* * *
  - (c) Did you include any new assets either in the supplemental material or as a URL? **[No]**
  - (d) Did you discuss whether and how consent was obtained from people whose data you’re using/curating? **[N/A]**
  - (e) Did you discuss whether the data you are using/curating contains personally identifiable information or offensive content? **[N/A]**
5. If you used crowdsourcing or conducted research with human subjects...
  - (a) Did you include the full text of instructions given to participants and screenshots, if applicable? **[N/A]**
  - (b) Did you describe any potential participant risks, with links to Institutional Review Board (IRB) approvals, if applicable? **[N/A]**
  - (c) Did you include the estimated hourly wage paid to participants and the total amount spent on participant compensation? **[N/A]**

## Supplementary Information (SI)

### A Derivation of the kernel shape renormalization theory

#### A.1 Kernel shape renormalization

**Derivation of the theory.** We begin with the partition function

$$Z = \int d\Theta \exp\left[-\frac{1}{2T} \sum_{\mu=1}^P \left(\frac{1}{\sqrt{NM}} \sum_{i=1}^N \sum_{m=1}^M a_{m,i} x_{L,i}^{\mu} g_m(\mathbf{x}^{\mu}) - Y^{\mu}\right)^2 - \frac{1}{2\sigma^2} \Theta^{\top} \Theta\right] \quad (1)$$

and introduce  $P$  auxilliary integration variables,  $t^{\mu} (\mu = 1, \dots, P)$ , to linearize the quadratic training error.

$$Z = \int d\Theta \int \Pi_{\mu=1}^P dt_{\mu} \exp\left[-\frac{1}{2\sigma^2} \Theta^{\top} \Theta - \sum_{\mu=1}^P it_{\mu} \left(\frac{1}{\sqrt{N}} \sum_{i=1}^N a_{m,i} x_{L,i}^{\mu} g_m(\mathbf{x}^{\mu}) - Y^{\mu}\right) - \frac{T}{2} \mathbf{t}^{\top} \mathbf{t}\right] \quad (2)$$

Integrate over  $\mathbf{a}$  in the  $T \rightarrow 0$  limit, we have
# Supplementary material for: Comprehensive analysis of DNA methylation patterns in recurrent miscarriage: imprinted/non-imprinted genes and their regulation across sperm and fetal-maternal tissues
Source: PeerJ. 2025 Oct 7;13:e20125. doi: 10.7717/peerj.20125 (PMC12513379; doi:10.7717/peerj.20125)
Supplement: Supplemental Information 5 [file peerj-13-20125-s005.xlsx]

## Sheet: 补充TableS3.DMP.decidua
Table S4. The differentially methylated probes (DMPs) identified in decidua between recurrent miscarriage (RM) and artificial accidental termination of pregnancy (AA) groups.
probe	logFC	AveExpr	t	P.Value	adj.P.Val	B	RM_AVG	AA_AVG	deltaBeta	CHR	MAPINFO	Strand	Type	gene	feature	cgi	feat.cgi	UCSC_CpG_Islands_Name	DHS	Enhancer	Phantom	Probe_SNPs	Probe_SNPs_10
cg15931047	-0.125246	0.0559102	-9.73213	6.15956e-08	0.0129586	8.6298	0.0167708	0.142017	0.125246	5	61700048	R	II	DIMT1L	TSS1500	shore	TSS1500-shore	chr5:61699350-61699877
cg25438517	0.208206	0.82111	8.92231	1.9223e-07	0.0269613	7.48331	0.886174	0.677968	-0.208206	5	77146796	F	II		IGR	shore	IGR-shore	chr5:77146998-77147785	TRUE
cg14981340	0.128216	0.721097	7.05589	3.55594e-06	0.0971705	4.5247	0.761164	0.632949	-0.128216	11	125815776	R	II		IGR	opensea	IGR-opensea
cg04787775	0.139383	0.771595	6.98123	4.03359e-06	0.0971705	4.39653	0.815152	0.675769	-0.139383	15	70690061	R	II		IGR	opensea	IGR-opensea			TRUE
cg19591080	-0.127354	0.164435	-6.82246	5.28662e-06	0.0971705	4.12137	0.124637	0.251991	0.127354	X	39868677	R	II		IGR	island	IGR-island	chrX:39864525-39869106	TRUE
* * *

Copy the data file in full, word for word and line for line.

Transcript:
  - (c) Did you include any new assets either in the supplemental material or as a URL? **[No]**
  - (d) Did you discuss whether and how consent was obtained from people whose data you’re using/curating? **[N/A]**
  - (e) Did you discuss whether the data you are using/curating contains personally identifiable information or offensive content? **[N/A]**
5. If you used crowdsourcing or conducted research with human subjects...
  - (a) Did you include the full text of instructions given to participants and screenshots, if applicable? **[N/A]**
  - (b) Did you describe any potential participant risks, with links to Institutional Review Board (IRB) approvals, if applicable? **[N/A]**
  - (c) Did you include the estimated hourly wage paid to participants and the total amount spent on participant compensation? **[N/A]**

## Supplementary Information (SI)

### A Derivation of the kernel shape renormalization theory

#### A.1 Kernel shape renormalization

**Derivation of the theory.** We begin with the partition function

$$Z = \int d\Theta \exp\left[-\frac{1}{2T} \sum_{\mu=1}^P \left(\frac{1}{\sqrt{NM}} \sum_{i=1}^N \sum_{m=1}^M a_{m,i} x_{L,i}^{\mu} g_m(\mathbf{x}^{\mu}) - Y^{\mu}\right)^2 - \frac{1}{2\sigma^2} \Theta^{\top} \Theta\right] \quad (1)$$

and introduce  $P$  auxilliary integration variables,  $t^{\mu} (\mu = 1, \dots, P)$ , to linearize the quadratic training error.

$$Z = \int d\Theta \int \Pi_{\mu=1}^P dt_{\mu} \exp\left[-\frac{1}{2\sigma^2} \Theta^{\top} \Theta - \sum_{\mu=1}^P it_{\mu} \left(\frac{1}{\sqrt{N}} \sum_{i=1}^N a_{m,i} x_{L,i}^{\mu} g_m(\mathbf{x}^{\mu}) - Y^{\mu}\right) - \frac{T}{2} \mathbf{t}^{\top} \mathbf{t}\right] \quad (2)$$

Integrate over  $\mathbf{a}$  in the  $T \rightarrow 0$  limit, we have
# Supplementary material for: Comprehensive analysis of DNA methylation patterns in recurrent miscarriage: imprinted/non-imprinted genes and their regulation across sperm and fetal-maternal tissues
Source: PeerJ. 2025 Oct 7;13:e20125. doi: 10.7717/peerj.20125 (PMC12513379; doi:10.7717/peerj.20125)
Supplement: Supplemental Information 5 [file peerj-13-20125-s005.xlsx]

## Sheet: 补充TableS3.DMP.decidua
Table S4. The differentially methylated probes (DMPs) identified in decidua between recurrent miscarriage (RM) and artificial accidental termination of pregnancy (AA) groups.
probe	logFC	AveExpr	t	P.Value	adj.P.Val	B	RM_AVG	AA_AVG	deltaBeta	CHR	MAPINFO	Strand	Type	gene	feature	cgi	feat.cgi	UCSC_CpG_Islands_Name	DHS	Enhancer	Phantom	Probe_SNPs	Probe_SNPs_10
cg15931047	-0.125246	0.0559102	-9.73213	6.15956e-08	0.0129586	8.6298	0.0167708	0.142017	0.125246	5	61700048	R	II	DIMT1L	TSS1500	shore	TSS1500-shore	chr5:61699350-61699877
cg25438517	0.208206	0.82111	8.92231	1.9223e-07	0.0269613	7.48331	0.886174	0.677968	-0.208206	5	77146796	F	II		IGR	shore	IGR-shore	chr5:77146998-77147785	TRUE
cg14981340	0.128216	0.721097	7.05589	3.55594e-06	0.0971705	4.5247	0.761164	0.632949	-0.128216	11	125815776	R	II		IGR	opensea	IGR-opensea
cg04787775	0.139383	0.771595	6.98123	4.03359e-06	0.0971705	4.39653	0.815152	0.675769	-0.139383	15	70690061	R	II		IGR	opensea	IGR-opensea			TRUE
cg19591080	-0.127354	0.164435	-6.82246	5.28662e-06	0.0971705	4.12137	0.124637	0.251991	0.127354	X	39868677	R	II		IGR	island	IGR-island	chrX:39864525-39869106	TRUE